By the end of 2017, the population of Vietnam had reached almost 96 million people, making it the 14th highest national population in the world, and one of the most densely populated countries. More than a quarter of the population is under the age of 15, life expectancy has increased to an average age of 76 years, and economic growth is enticing people from all over the world to move there. As a result, the population has increased by just over a million people a year for the past few years. About a third of the population live in cities, and this percentage is expected to grow to more than 40 percent by 2030.
This high-density population living in a hot and humid climate means that many businesses and property developers have invested in air conditioning (AC) units. Many employers will provide them for their office staff, meaning that suit jackets are more bearable to wear. Given the energy costs of running AC units and the environmental damage they cause, some architects and engineers are redesigning the way homes and businesses are constructed, to enhance natural cooling and air circulation features, but it will take many years for these measures to have a significant impact.
About a fifth of Vietnam’s territory is covered in forest. Years of war, logging, agricultural expansion, firewood collection and population expansion means that almost half the forest area present in 1943 has disappeared. The government has initiated a number of programmes to stem this trend, as deforestation has dramatic and catastrophic environmental impact for wildlife, locals and the climate.
How you dress for work in Vietnam will very much depend on your employer. There had been a proposal in Ho Chi Minh City to ban public sector office employees from wearing jeans and T-shirts to work. Opinions on the ban were divided, but the proposal was dropped in the end as casual wear was so common. A few months earlier, the same ban had been successfully introduced in Vietnam’s fifth largest city, Can Tho. Public servants are governed by a code that requires them to be polite and respectful at work, in their neighbourhoods and in public places. A smart presentation was argued to be upholding this code.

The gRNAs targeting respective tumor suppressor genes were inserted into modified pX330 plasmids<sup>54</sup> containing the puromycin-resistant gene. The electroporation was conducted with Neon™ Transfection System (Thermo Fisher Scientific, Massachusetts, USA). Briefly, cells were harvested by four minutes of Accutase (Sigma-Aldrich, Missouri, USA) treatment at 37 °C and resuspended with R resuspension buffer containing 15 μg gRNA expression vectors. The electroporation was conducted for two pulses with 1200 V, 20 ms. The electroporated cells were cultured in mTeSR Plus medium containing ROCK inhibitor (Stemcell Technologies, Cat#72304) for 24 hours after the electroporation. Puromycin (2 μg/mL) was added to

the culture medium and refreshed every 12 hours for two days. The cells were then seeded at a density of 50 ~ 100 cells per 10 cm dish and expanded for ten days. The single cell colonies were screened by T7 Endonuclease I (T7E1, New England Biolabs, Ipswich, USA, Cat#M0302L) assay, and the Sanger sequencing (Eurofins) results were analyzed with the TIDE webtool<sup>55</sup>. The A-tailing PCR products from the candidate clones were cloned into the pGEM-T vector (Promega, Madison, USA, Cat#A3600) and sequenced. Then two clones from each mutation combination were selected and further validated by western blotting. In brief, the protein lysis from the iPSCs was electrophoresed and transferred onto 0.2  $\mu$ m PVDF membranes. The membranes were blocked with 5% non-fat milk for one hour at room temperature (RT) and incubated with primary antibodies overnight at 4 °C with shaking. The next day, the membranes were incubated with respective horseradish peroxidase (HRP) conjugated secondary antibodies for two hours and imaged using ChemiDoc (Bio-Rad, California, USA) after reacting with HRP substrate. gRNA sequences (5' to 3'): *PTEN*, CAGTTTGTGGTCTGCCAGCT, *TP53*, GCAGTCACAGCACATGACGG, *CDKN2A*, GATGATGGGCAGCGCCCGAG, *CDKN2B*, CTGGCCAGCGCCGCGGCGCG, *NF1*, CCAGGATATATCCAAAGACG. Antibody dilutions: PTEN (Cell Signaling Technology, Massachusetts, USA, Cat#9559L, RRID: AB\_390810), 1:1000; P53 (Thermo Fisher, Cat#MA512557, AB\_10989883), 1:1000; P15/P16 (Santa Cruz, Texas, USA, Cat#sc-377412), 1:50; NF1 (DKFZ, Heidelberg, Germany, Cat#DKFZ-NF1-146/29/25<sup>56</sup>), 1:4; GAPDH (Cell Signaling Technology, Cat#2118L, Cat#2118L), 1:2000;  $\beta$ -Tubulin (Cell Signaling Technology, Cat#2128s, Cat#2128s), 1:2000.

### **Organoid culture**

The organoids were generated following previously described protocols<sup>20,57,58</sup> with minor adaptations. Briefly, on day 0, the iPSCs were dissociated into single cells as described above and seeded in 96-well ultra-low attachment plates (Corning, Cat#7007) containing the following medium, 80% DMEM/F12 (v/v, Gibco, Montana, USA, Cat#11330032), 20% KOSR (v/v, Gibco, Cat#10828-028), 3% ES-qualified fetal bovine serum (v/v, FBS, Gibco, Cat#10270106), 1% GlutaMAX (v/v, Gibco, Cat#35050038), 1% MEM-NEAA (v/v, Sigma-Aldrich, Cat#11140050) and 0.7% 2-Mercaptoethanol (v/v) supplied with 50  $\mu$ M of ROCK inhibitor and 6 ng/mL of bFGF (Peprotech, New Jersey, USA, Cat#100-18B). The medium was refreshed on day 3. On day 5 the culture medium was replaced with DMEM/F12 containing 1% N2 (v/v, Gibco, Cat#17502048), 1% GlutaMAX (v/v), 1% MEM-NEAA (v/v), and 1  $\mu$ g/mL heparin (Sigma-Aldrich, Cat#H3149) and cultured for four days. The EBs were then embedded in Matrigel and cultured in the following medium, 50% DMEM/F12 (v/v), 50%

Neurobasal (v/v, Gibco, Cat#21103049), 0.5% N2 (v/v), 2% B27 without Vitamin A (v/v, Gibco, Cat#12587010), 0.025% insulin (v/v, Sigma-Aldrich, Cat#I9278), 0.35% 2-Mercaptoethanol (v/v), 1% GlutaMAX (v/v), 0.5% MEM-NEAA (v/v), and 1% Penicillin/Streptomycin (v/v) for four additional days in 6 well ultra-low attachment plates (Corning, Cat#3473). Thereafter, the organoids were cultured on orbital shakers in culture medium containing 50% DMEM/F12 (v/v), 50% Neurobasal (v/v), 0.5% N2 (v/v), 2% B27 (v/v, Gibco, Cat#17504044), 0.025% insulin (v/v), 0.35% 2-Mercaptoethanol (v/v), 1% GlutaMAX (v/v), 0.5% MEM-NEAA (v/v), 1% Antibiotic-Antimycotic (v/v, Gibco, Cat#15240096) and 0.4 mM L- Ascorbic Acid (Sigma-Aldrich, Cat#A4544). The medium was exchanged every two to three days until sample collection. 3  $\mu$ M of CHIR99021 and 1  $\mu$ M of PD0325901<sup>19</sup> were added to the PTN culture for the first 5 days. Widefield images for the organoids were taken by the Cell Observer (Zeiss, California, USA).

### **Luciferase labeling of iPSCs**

As an expat brought in for a high level professional job, your dress code at work will probably require you to wear suits and other smart attire.
When outside work, men and women have freedom to dress how they wish, but the Vietnamese people prefer not to show too much flesh. Women are often wear jeans, trousers, a skirt or a dress, and tank tops. Men wear T-shirts and knee length shorts. However, do save the swimwear for the beach or swimming pool! A bikini top or male bare chest does not make a good impression in a cafe or shop outside of the tourist areas. If you are visiting a cultural or religious site, your shoulders, knees and midriff should all be covered by clothing.
With a large young population and increasing wealth, you will see plenty of well dressed, stylish people walking around Vietnam’s city streets.
Days can be very hot in Vietnam and it is important not to get sunburn or sunstroke. A high factor sunscreen, liberally and frequently applied, will protect your skin from harmful rays, and a good pair of sunglasses will do the same for your eyes. A hat with a large rim will give you more shade. Drink plenty of water, but buy sealed bottles of water from an official shopkeeper, as the tap water in Vietnam is not generally safe to drink.